The idea of an app arcade has long made gamers and game publishers salivate about the possibilities. Although the players are of different races, they all have a great thirst for experimentation. That’s why free-packaged games (like Mario Bros that came with older Nintendo or Solitaire or Minesweeper consoles that came with Windows) generally find mass appeal. If a game looks interesting enough, it will be played. And if people like it, they’ll keep playing.
That’s why early 2019 was a time of great expectations for players. Google and Apple both announced all-you-can-eat gaming services that would prevent players from being interrupted by ads and eliminate in-game purchases that enhance gaming. These gaming services were considered revolutionary – a one-stop-shop to find curated games of all genres that players can explore, try out, and ultimately play. Publishers, meanwhile, could offload some of the burden of finding new users and monetizing their games to tech giants.
Unfortunately, both services got off to a shaky start. Less than two years after these announcements, Google said he dissolved his Stadia Games and Entertainment team, and last summer we heard reports that Apple was canceling contracts with game makers, leading some to believe that Apple is rethinking its arcade strategy.
It’s hard to deny the obvious appeal of an arcade game, but there were questions about the business model. With Internet, cable, and streaming subscriptions to pay each month, would consumers add another bill to their budget? And would game developers be willing to cede control of their audiences to Google and Apple in order to participate in these services?
An arcade alternative
While these arcades may still have long-term value, another model has emerged: device gaming arcades. With this model, OEMs and mobile operators are working with game developers to select a range of titles their customers are likely to want and play, and preload them onto devices. The games, which range from casual games to multiplayer role-playing games, are organized in game folders accessible from the home screen.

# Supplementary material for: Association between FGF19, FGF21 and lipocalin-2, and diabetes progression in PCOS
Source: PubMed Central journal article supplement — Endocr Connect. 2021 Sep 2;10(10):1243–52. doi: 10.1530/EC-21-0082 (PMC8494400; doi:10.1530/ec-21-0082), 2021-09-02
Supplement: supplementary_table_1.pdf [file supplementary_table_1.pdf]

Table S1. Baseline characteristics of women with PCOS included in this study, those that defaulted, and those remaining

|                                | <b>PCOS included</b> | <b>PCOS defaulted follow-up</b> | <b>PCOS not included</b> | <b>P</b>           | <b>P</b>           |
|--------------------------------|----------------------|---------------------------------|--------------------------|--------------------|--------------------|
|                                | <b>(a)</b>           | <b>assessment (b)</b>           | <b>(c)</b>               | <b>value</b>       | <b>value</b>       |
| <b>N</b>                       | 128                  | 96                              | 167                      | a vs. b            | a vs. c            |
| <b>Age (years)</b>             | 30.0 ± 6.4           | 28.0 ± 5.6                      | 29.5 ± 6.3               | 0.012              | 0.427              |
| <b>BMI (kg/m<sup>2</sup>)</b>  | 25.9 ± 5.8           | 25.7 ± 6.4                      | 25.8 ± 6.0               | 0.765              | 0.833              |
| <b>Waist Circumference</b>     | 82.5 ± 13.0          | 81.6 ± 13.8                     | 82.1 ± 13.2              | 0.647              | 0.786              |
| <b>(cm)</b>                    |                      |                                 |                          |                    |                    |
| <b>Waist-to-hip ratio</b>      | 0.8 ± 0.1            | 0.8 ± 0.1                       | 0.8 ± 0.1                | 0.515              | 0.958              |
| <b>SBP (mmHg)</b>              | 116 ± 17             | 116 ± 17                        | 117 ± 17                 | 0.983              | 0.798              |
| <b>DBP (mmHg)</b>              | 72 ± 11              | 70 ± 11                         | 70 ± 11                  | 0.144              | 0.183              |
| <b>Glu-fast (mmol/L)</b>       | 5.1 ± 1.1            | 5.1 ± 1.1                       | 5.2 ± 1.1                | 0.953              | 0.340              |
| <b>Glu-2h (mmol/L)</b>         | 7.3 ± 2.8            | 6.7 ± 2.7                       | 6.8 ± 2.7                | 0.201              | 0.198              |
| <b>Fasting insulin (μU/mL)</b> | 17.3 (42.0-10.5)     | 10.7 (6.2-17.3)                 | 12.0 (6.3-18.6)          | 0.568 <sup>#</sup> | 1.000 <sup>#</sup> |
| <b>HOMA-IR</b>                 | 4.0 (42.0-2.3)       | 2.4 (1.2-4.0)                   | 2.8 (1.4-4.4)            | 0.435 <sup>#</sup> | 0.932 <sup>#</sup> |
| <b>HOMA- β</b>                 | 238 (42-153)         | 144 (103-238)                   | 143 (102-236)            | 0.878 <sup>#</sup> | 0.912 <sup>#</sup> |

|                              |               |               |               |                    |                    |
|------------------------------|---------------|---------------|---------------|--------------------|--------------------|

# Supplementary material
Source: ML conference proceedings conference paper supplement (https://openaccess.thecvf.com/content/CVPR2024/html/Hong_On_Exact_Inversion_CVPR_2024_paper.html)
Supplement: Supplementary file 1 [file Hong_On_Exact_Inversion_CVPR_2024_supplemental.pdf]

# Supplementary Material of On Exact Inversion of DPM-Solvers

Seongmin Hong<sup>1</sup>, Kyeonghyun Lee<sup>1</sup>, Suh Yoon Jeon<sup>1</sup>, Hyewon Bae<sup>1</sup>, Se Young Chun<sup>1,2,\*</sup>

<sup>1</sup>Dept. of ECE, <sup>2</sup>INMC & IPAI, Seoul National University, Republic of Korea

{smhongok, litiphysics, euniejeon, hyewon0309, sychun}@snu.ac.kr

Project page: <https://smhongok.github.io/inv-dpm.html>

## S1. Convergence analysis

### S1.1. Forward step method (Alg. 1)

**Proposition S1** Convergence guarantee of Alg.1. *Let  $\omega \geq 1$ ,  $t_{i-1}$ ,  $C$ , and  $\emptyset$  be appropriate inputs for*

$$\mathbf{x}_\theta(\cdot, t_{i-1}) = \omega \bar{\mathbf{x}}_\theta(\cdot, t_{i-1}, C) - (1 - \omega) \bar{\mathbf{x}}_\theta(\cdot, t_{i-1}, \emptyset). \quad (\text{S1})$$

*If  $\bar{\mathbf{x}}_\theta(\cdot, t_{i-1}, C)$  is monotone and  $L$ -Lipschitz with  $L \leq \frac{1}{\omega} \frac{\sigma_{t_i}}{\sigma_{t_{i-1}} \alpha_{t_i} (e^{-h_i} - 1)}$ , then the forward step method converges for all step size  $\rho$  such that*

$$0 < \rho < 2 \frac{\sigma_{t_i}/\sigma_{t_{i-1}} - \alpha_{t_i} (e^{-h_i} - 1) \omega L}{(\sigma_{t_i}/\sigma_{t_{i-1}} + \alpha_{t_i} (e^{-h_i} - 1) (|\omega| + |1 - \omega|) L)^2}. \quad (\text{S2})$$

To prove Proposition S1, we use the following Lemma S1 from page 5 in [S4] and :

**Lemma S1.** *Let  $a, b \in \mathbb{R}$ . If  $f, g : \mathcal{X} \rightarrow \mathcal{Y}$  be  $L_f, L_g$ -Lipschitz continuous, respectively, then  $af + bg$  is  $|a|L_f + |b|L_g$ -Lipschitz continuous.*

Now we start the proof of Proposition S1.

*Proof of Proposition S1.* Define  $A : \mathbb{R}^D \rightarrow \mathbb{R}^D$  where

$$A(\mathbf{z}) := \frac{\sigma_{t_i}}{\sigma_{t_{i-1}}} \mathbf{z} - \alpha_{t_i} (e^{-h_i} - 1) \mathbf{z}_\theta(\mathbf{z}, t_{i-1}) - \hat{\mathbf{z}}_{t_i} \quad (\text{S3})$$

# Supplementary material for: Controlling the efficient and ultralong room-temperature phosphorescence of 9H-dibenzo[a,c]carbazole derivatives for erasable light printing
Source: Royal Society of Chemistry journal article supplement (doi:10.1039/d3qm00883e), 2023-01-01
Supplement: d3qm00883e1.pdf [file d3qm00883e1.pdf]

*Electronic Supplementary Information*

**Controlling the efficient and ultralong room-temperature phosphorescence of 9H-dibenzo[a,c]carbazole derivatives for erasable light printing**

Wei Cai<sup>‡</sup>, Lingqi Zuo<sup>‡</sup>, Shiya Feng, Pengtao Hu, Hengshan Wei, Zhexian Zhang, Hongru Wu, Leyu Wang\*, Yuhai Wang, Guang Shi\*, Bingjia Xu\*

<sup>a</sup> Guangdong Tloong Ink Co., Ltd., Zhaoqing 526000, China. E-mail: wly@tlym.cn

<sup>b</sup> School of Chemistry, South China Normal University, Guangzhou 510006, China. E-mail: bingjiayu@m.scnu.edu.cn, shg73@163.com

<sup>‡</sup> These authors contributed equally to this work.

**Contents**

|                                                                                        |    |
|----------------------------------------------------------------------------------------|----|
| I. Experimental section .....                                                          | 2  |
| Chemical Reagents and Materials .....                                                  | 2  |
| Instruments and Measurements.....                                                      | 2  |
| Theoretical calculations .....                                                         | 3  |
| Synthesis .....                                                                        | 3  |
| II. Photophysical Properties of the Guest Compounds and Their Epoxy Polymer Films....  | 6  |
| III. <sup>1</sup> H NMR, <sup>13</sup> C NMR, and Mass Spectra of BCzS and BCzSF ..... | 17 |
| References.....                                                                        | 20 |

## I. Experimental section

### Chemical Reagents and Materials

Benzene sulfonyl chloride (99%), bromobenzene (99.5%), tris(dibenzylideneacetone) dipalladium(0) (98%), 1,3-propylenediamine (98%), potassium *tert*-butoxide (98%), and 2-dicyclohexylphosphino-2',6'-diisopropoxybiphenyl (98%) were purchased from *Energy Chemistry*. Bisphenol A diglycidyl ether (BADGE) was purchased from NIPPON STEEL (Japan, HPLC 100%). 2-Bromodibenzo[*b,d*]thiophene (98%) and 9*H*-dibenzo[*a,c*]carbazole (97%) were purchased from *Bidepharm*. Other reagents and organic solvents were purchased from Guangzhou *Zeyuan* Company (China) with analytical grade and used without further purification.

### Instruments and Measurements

The ease of this model has been shown to benefit game publishers, who preload more apps than any other category by a significant margin, and gamers, who prefer to find games via preloads than any other paid marketing method. Much like Mario Brothers and Minesweeper, removing friction between in-game and in-game players helps with testing and ultimately consistent players. When people first buy a device, seeing a “games folder” will undoubtedly be irresistible for the casual and avid gamer to explore. The data shows that activation rates are extremely high for games (and apps in general) that are immediately accessible to users.
But it doesn’t stop with activation; Engagement and re-engagement rates are also good with 37% of all preloads leading to ongoing players. This is no surprise given that gamers remember the game every time they pick up their devices and look at their home screens (around 166 times a day for 66% Population). Depending on the OEM or operator, the app developer may send alerts to users to re-engage, perhaps offering free coins to improve the game as a re-engagement campaign.
Oh, these UA obstacles
It’s hard to talk about activation and engagement without acknowledging the brutality of the AU campaigns. Even if Google Stadia and Apple Arcade were to be widely successful, these services would only offer a fraction of the world’s games and apps, so UA investments would be inevitable.